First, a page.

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5 Books By Brilliant Pakistani Authors I Wish Were Offered While I Was At School

When i was a young girl at school, literature and books were probably my two most favourite things. Reading has always been the most calming and yet simultaneously invigorating experience in my life, and yet not everyone can relate to my experience.

A recent survey by the Gallup and Gillani Foundation, a whopping 75% of Pakistanis are not reading books at all with the statistics for students even more alarming. As per the survey, 3 out of 4 students have never read a book apart from school/university curriculum. That’s crazy!

With legendary authors and poets such as Faiz Ahmed Faiz, Ibn e Insha, Khadija Mastoor, Ashfaq Ahmed and many more, the debate that Pakistani authors have nothing to offer is just plain wrong!

Especially since we have a very unique and rich history of countless works of contemporary sources of literature just from our part of the world and not to mention overseas Pakistani writers such as Mohammad Hanif and Bapsi Sidhwa who are still writing from their own unique perspective.

And while it is understood that being exposed to great literary works from around the world is equally as important, this may be one of the reasons why 75 percent of the population is unable to relate fully to these author’s experiences and stories. I mean, i absolutely love Shakespeare and all his works, but isn’t it just as important for young Pakistani minds to become acquainted with stories that mirror their own? Written by voices that echo their own?

We talk about how representation matters, about how children aspire to achieve their dreams because they saw someone who looked like them actually living the same dream so why not promote our own wonderful literature and inculcate the idea that anything really is possible!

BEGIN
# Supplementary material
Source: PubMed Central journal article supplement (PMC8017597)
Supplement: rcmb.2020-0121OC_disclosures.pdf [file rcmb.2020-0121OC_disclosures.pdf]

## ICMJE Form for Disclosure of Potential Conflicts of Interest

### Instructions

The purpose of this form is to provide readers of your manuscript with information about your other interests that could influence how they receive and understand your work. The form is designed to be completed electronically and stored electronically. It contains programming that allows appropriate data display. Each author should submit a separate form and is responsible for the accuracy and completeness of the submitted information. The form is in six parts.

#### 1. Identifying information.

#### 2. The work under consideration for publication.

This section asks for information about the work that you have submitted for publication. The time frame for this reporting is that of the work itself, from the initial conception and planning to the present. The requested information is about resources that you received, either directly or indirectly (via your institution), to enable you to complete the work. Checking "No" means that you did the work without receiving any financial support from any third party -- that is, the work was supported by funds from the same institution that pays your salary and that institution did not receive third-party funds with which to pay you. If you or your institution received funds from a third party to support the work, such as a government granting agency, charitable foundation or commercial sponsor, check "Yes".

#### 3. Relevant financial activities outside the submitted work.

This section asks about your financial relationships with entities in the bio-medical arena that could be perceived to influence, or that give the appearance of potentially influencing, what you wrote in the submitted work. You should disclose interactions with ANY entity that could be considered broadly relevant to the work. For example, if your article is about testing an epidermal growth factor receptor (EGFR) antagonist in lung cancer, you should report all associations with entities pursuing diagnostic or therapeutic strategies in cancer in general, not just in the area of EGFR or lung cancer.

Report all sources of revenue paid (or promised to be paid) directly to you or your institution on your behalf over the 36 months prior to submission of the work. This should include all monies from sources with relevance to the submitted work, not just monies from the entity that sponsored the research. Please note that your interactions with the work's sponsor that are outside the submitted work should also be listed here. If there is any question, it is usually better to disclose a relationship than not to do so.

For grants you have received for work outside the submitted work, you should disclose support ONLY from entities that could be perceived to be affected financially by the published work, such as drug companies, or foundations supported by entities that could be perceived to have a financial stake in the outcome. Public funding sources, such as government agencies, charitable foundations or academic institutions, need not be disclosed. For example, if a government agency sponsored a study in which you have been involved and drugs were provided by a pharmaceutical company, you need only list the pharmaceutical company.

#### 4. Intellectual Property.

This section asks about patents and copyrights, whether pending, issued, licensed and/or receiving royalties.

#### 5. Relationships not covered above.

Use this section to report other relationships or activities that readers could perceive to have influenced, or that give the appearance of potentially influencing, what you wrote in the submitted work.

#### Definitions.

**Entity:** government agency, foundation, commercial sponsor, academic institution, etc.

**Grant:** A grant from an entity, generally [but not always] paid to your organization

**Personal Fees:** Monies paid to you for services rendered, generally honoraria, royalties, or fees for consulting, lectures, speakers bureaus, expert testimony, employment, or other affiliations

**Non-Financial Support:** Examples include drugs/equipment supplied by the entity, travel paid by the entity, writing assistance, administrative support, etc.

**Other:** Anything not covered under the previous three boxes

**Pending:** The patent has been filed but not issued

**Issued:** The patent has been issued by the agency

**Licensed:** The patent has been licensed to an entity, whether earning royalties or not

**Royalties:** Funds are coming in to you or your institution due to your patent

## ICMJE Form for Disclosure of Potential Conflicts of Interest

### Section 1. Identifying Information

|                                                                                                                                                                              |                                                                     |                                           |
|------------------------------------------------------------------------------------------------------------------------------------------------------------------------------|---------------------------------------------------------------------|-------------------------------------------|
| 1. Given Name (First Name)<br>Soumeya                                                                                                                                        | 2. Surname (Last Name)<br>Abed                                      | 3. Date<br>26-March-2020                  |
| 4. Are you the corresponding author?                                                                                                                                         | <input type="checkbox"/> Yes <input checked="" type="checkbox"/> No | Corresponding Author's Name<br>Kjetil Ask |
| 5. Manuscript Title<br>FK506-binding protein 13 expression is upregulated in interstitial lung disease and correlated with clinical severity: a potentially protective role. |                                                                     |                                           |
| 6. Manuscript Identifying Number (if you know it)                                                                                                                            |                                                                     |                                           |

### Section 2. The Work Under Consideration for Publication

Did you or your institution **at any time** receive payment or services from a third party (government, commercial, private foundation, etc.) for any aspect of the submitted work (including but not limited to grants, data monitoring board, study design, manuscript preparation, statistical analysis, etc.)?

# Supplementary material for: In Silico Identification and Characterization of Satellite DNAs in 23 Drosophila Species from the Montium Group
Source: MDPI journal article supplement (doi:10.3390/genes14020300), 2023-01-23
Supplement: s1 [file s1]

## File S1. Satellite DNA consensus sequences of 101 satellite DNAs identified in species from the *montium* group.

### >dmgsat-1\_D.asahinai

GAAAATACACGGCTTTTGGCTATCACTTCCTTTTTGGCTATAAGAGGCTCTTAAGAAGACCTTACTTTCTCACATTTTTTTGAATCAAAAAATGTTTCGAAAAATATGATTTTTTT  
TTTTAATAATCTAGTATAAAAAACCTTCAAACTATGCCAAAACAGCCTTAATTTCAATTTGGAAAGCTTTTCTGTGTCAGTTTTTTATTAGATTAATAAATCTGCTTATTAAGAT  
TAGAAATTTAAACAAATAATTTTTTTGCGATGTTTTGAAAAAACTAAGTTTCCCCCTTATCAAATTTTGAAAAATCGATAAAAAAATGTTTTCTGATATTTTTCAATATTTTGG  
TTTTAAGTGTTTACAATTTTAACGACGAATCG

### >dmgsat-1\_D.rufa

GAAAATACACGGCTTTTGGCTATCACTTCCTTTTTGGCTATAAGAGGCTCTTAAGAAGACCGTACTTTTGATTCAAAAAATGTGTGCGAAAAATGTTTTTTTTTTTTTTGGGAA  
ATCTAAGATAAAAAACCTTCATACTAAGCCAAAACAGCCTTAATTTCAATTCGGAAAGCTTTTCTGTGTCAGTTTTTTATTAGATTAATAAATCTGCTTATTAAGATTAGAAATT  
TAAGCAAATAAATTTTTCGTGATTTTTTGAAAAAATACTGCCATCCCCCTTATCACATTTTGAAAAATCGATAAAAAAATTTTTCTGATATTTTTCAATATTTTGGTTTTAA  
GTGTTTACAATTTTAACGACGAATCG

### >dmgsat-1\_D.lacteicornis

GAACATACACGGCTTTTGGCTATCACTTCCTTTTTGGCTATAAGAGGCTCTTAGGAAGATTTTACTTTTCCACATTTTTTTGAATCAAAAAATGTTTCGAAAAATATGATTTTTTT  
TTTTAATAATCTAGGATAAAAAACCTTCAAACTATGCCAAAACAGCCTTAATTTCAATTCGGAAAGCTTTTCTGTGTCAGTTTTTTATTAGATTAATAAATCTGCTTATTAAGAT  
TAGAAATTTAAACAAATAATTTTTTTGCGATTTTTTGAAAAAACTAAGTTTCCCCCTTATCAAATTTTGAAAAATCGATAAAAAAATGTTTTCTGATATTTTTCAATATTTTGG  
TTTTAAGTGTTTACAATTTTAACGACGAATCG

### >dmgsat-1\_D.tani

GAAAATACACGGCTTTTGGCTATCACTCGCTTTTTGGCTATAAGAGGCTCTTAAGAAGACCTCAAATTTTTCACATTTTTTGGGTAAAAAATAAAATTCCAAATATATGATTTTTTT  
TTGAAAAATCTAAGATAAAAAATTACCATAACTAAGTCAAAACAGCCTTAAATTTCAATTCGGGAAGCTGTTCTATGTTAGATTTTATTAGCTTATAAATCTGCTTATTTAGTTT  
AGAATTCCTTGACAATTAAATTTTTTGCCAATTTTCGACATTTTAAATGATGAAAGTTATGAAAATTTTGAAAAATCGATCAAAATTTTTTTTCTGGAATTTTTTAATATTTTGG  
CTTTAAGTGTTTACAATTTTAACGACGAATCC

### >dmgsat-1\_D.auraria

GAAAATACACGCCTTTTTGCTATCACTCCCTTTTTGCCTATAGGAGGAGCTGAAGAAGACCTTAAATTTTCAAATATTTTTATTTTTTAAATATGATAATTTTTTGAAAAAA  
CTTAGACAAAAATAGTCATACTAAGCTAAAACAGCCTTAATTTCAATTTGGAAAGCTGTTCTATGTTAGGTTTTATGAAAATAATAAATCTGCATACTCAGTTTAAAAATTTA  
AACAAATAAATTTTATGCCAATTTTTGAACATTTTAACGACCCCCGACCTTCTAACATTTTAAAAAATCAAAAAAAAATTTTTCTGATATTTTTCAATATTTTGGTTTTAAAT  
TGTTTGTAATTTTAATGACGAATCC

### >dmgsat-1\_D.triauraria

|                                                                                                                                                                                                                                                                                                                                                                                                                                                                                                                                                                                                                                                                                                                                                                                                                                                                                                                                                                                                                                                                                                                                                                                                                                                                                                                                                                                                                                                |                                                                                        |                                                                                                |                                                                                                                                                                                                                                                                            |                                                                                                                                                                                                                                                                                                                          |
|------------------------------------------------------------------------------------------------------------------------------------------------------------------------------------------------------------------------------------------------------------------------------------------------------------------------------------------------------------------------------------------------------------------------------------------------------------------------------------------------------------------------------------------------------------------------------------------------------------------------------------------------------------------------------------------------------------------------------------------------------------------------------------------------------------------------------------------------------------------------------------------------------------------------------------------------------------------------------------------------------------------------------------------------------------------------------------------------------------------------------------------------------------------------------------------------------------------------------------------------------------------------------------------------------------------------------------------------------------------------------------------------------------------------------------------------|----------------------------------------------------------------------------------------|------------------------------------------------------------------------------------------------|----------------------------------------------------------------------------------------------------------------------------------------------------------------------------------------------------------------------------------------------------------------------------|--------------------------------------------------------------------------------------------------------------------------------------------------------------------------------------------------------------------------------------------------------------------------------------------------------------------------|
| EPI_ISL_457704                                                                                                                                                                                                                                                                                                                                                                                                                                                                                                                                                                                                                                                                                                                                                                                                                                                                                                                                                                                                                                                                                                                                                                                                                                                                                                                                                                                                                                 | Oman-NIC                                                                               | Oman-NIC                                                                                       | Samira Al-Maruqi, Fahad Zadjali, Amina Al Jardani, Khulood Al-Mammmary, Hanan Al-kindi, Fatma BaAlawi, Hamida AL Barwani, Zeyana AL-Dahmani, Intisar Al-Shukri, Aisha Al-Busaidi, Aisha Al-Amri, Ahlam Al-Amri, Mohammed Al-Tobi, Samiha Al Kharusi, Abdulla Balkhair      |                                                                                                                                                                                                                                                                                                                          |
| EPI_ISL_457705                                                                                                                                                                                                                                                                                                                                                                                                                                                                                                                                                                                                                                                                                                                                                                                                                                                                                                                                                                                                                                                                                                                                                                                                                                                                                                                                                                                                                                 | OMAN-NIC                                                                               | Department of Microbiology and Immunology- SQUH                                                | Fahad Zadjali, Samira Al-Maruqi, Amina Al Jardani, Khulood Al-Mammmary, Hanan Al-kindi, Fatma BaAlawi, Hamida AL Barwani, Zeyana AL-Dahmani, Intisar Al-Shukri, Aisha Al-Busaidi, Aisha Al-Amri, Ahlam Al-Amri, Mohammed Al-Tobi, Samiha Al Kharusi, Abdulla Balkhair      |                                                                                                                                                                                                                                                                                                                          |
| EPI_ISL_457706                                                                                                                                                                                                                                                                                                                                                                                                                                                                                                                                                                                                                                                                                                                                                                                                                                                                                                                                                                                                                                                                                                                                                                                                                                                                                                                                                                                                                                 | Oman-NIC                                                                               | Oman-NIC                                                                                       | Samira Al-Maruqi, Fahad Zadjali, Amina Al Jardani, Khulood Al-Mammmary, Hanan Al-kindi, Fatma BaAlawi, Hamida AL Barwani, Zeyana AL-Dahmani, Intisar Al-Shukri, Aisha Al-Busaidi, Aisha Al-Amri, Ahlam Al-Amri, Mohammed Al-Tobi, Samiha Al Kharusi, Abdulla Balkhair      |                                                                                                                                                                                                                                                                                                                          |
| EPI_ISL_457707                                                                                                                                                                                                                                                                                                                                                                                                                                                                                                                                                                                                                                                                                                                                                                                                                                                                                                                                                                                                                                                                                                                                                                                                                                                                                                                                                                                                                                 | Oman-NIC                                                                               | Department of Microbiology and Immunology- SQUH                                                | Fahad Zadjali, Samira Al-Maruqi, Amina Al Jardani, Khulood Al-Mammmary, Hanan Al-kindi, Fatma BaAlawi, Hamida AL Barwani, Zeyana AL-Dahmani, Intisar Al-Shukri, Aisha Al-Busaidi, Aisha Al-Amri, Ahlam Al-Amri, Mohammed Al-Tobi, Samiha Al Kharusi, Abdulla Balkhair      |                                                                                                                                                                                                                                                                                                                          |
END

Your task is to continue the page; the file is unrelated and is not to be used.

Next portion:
That being said, these are the five books i wish were offered in my school’s curriculum when i was a kid struggling to find my own voice and sense of identity in the world.

The Reluctant Fundamentalist

Source; Amazon

You may be more familiar with the film adaptation that catapulted Riz Ahmed to fame, but yes the inspiration comes from Mohsin Hamid’s book of the same name that chronicles the life of a Pakistani man named Changez Khan who aims to makes it big in America till 9/11 strikes and Islamophobia changes his whole life and his relationship with his own religion. The book is a serious and wonderful take on issues related to post 9/11 America.

My Feudal Lord

Source; Goodreads

Tehmina Durrani’s tale of her problematic marriage with political leader, Ghulam Mustafa Khar in her autobiography titled My Feudal Lord forever changed the way we viewed the feudal life when she penned down the conventional and patriarchal rules that seemed to apply only to women. Her life and her struggles as a Pakistani woman in a political family is both riveting and heart breaking.

A Case Of Exploding Mangoes

Source; Goodreads

Mohammad Hanif might just be one of my personal favourite Pakistani authors due to this brilliant and comic take on such serious aspects of our history. A Case Of Exploding  Mangoes is not only a comic novel which follows the story of the plane crash that killed Pakistan’s former Prime minister, General Muhammad Zia ul-Haq but is also the book that won Hanif the Best First Book Award in the Commonwealth Book Prize.

The Diary Of A Social Butterfly

Source; Goodreads

This comic book by Moni Nohsin tells the tale of a young upper class socialite who never has to worry about anything beyond what to wear at the next hottest get together in the elite scene of Lahore. The reader is astounded by her naivety as she is remains oblivious to the serious political and socioeconomic conditions of Pakistan and this butterfly’s story serves as a rude awakening to the upper class delusions and privilege.

In Other Rooms, Other wonders

Source; Amazon

This series of short stories by Daniyal Mueenudin deal with the issues and problems of Pakistan’s class system by giving the reader insight via the stories of different characters where those at the lower rungs are discriminated against and don’t seem to have luck on their side. The 8 stories are linked and yet each is so vastly different from the other and include pieces sch as Nawabdin Electrician, Saleema and A Spoiled Man among others.

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